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Grow, Cook, Share: 10 Years of The Nashville Food Project

Founder Tallu Schuyler Quinn looks back on the nonprofit’s impact and forward to a future that she may not be part of

  • 11 min to read

 

On any given day, Bianca Morton-Hughes might get to work and have something outrageous waiting for her — like 1,000 pounds of fresh asparagus, or enough meat to stock her walk-in freezer for a year. 

Morton-Hughes is the chef director at The Nashville Food Project, a nonprofit that makes 5,000 nutritious meals every week for Nashvillians in need. That half-ton of asparagus was donated by Walmart, and it was perfectly fresh. So that week, everybody had some. “You got asparagus-and-egg casseroles,” says Morton-Hughes, “you got asparagus-and-vegetable blends, you got asparagus that was pureed to add into sauces, you got asparagus vinaigrette. …  Stir-fries, vegetable medleys, cut them up, add them to pasta salad. We were going to get as many uses in different ways as we could.” 

Typically, The Nashville Food Project marshals about 380 volunteers per month to collect food from gardens, conference centers, farms and stores. Under Morton-Hughes’ direction, the volunteers prepare meals from scratch that are tailored to 35-plus partnering organizations, and they load them into catering trucks for delivery. During the pandemic, they suspended their volunteer program, leaving all of that work to the staff. But the need for food didn’t slow, and the Food Project has continued to provide. 

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Bianca Morton-Hughes

The efficacy of the organization can be attributed in part to its practicality. The Food Project partners with anti-poverty organizations across the county, like Open Table Nashville, Gideon’s Army and Project Return. Whether these organizations are fighting poverty, interrupting violence or supporting people after incarceration, they’re the ones who know their communities best. The organization keeps upward of 220,000 pounds of food out of landfills each year. You can also look at food recovery as a manifestation of the Food Project’s ethos: There is plenty to go around, and when we work together, we find that there are many more seats at the table.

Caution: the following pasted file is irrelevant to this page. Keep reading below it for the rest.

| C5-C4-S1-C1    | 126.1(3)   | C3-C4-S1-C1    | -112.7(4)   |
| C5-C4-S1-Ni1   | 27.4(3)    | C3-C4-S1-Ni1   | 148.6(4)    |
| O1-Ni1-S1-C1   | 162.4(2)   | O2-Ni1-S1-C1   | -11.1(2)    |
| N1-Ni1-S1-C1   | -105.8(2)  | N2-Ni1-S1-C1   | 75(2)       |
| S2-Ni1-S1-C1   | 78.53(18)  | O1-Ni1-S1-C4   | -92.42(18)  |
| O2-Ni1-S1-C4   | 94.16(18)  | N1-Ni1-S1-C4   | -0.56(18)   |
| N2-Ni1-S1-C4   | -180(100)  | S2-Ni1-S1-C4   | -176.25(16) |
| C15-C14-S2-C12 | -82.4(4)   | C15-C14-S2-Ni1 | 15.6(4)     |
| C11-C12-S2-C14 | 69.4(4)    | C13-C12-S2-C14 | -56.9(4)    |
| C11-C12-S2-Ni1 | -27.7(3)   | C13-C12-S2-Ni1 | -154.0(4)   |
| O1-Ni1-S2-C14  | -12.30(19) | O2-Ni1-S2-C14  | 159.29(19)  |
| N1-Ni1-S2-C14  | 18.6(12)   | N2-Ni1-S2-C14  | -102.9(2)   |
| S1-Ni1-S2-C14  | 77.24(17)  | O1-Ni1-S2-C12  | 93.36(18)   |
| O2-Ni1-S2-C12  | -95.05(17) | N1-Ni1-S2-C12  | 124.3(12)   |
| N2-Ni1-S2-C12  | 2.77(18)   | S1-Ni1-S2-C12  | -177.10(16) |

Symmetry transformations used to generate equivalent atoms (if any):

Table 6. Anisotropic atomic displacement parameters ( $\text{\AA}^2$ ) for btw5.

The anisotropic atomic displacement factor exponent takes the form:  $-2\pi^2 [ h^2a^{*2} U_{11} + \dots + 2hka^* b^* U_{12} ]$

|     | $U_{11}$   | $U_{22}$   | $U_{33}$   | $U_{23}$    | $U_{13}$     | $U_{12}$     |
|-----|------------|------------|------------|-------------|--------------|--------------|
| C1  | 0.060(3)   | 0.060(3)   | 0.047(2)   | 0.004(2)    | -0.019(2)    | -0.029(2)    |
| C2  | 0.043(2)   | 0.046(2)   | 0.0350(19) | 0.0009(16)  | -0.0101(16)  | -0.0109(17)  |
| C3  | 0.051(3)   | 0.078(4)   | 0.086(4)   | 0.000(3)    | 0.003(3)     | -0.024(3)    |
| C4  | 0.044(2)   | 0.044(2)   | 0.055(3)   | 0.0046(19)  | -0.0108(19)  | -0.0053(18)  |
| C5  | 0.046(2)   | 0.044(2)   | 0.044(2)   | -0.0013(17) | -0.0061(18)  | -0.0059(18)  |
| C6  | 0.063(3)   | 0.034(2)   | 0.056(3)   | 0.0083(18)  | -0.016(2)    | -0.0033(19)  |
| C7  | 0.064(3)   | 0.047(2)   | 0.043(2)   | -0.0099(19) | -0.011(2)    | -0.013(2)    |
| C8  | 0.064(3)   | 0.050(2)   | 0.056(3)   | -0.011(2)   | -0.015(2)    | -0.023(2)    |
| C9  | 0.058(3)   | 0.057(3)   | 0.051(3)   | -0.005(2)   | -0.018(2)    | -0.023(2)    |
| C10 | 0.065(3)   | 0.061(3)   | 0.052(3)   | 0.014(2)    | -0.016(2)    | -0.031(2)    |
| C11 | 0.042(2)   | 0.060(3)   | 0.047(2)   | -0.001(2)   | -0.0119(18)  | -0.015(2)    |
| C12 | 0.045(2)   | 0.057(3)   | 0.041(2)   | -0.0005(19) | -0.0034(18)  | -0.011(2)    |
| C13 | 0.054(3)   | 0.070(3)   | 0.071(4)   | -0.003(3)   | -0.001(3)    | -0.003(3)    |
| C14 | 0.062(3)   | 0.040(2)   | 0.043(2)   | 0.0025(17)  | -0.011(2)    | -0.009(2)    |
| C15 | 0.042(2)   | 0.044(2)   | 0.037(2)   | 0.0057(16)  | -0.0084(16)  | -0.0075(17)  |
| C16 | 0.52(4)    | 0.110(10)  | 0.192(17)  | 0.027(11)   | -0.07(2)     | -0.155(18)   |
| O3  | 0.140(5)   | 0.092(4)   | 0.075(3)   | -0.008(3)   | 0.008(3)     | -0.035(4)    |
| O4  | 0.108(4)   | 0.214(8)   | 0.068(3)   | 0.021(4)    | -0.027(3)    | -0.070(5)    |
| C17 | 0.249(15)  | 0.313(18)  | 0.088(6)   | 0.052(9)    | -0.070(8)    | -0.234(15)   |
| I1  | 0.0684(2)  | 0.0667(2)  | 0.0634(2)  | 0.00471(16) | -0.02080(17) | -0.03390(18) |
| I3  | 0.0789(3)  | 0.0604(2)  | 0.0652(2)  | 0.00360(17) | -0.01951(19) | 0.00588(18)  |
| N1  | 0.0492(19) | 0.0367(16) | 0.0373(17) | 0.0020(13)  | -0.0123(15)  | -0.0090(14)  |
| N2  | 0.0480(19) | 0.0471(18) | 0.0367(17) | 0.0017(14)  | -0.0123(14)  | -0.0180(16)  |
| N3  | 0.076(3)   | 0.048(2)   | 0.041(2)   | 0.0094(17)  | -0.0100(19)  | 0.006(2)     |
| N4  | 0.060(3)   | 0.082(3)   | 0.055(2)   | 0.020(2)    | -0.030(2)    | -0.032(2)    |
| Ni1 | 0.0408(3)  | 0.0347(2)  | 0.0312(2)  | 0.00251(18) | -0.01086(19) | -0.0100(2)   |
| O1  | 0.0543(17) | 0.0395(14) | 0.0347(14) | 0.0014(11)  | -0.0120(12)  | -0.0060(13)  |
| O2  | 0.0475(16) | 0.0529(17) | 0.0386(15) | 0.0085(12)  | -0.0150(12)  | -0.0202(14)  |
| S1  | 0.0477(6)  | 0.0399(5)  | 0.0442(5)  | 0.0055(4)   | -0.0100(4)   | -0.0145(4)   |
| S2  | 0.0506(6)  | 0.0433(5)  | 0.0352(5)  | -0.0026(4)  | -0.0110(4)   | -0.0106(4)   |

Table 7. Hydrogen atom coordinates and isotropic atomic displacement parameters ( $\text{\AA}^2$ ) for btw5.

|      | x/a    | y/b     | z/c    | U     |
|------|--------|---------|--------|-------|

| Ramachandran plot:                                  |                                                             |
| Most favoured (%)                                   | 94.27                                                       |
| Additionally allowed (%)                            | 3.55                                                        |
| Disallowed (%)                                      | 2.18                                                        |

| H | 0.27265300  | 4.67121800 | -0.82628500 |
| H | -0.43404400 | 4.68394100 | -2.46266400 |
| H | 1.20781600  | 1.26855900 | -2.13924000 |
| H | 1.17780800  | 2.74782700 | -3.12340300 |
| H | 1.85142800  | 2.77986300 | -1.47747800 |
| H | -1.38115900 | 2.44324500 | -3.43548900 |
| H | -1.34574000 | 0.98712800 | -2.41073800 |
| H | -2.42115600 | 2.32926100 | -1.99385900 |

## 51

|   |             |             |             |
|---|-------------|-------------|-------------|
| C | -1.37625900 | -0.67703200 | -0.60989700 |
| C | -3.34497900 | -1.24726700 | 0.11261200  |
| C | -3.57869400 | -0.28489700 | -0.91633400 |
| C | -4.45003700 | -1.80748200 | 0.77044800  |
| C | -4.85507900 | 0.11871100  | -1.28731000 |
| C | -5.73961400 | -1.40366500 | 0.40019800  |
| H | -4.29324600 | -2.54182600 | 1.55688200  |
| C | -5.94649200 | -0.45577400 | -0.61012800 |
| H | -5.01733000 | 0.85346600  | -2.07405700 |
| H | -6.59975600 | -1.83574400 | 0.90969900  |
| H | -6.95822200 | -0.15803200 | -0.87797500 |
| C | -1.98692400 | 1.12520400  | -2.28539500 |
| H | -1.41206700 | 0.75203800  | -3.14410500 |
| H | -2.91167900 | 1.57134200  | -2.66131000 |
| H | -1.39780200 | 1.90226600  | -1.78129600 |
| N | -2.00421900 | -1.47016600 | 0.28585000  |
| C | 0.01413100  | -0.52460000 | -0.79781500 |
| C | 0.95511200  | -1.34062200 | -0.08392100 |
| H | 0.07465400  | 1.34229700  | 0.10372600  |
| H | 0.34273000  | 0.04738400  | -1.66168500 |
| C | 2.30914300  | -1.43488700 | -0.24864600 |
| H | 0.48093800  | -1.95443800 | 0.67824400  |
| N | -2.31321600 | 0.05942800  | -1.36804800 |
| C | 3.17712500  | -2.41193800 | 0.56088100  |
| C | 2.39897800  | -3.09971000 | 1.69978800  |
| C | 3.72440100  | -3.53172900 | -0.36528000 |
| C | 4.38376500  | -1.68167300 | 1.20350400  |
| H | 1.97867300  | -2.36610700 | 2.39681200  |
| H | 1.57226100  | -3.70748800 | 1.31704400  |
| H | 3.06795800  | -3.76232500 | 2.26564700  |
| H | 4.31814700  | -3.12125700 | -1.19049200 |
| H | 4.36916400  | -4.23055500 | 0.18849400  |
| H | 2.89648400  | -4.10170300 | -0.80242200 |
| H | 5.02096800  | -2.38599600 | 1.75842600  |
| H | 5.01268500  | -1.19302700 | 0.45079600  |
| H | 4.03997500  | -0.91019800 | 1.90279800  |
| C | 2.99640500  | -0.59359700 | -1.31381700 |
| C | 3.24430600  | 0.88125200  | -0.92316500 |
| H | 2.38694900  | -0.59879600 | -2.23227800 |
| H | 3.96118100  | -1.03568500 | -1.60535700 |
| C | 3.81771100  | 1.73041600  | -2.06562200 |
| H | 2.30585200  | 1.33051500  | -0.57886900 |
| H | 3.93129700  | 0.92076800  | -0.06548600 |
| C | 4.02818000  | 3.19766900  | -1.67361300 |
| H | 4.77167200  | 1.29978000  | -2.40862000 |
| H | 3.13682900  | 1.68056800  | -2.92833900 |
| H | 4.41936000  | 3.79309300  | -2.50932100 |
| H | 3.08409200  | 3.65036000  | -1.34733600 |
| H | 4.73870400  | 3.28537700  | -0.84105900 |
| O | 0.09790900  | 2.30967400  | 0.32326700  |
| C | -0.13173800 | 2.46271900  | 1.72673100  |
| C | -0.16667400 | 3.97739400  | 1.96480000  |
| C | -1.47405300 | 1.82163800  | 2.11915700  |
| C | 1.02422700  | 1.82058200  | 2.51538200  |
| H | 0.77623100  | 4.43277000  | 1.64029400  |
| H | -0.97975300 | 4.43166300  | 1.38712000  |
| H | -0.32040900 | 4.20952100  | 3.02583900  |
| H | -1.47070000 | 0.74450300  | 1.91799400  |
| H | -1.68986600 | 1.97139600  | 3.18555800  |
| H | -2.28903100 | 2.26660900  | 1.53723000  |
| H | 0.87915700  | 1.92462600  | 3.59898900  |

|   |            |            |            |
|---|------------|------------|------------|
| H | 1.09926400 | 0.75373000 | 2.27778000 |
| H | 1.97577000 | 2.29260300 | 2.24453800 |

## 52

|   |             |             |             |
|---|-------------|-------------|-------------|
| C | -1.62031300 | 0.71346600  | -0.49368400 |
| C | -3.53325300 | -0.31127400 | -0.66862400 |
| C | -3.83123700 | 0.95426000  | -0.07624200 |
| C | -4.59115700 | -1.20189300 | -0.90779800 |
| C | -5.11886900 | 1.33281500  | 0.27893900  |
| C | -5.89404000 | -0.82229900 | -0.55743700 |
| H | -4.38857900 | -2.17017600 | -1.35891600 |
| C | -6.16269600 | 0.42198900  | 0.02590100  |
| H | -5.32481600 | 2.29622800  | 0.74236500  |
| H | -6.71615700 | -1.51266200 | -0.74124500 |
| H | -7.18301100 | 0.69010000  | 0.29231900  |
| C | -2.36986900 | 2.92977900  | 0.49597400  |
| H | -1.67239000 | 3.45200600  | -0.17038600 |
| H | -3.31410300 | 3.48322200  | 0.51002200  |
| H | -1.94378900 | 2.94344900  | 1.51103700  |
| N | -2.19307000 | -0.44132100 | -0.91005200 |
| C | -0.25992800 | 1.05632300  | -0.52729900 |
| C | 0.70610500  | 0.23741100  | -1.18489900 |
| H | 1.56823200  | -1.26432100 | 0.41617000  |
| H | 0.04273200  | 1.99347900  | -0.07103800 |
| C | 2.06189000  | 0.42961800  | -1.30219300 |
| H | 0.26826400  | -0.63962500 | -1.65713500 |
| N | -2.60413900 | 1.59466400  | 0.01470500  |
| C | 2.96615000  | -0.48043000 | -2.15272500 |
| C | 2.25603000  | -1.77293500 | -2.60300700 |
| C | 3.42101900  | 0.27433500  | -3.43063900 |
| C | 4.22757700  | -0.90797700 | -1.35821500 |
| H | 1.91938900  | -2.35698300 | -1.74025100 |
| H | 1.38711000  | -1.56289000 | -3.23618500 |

This belief has been the guiding force behind The Nashville Food Project since its inception a decade ago. The organization’s founder, Tallu Schuyler Quinn, had a radical vision of a movement that would not just provide emergency relief to hungry people, but also connect people to food systems and the land in order to remove barriers that keep them undernourished and underfed. As the nonprofit celebrates 10 years of growing food, making meals and sharing them, the Food Project community is experiencing a devastating crisis. One year ago, at age 40, Quinn was diagnosed with grade four glioblastoma, an aggressive, terminal form of brain cancer. 

Quinn grew up in Nashville. After getting a bachelor’s degree in papermaking and bookbinding, she headed to seminary at Columbia University. With a Master of Divinity degree, she went to Nicaragua, where she worked on food-security projects with resident farmers. It was there that she started to see food differently: not as a commodity, but as a “vibrant tool for healing.” 

“Living in Nicaragua, where food was very scarce and very much part of a whole community’s cultural identity,” says Quinn, “I think I got the privilege of getting this peek into how sacred food can be and what a powerful tool for good things it can be. It’s been very much weaponized in the way it is unaffordable or inaccessible.” 

When Quinn came back to Nashville, she started working with the local chapter of the national nonprofit Mobile Loaves & Fishes, handing out sack lunches and bottles of water at places in town where people without housing congregated. Emergency food systems like this have their place — often, that’s all that’s available for hungry people. But Quinn saw the need for something greater that could break the cycle and change the story. 

“My hopes and dreams for Nashville were building and finding people to be part of a movement that really could build community and focus on different expressions of justice — economic justice, food justice, racial reconciliation and racial justice.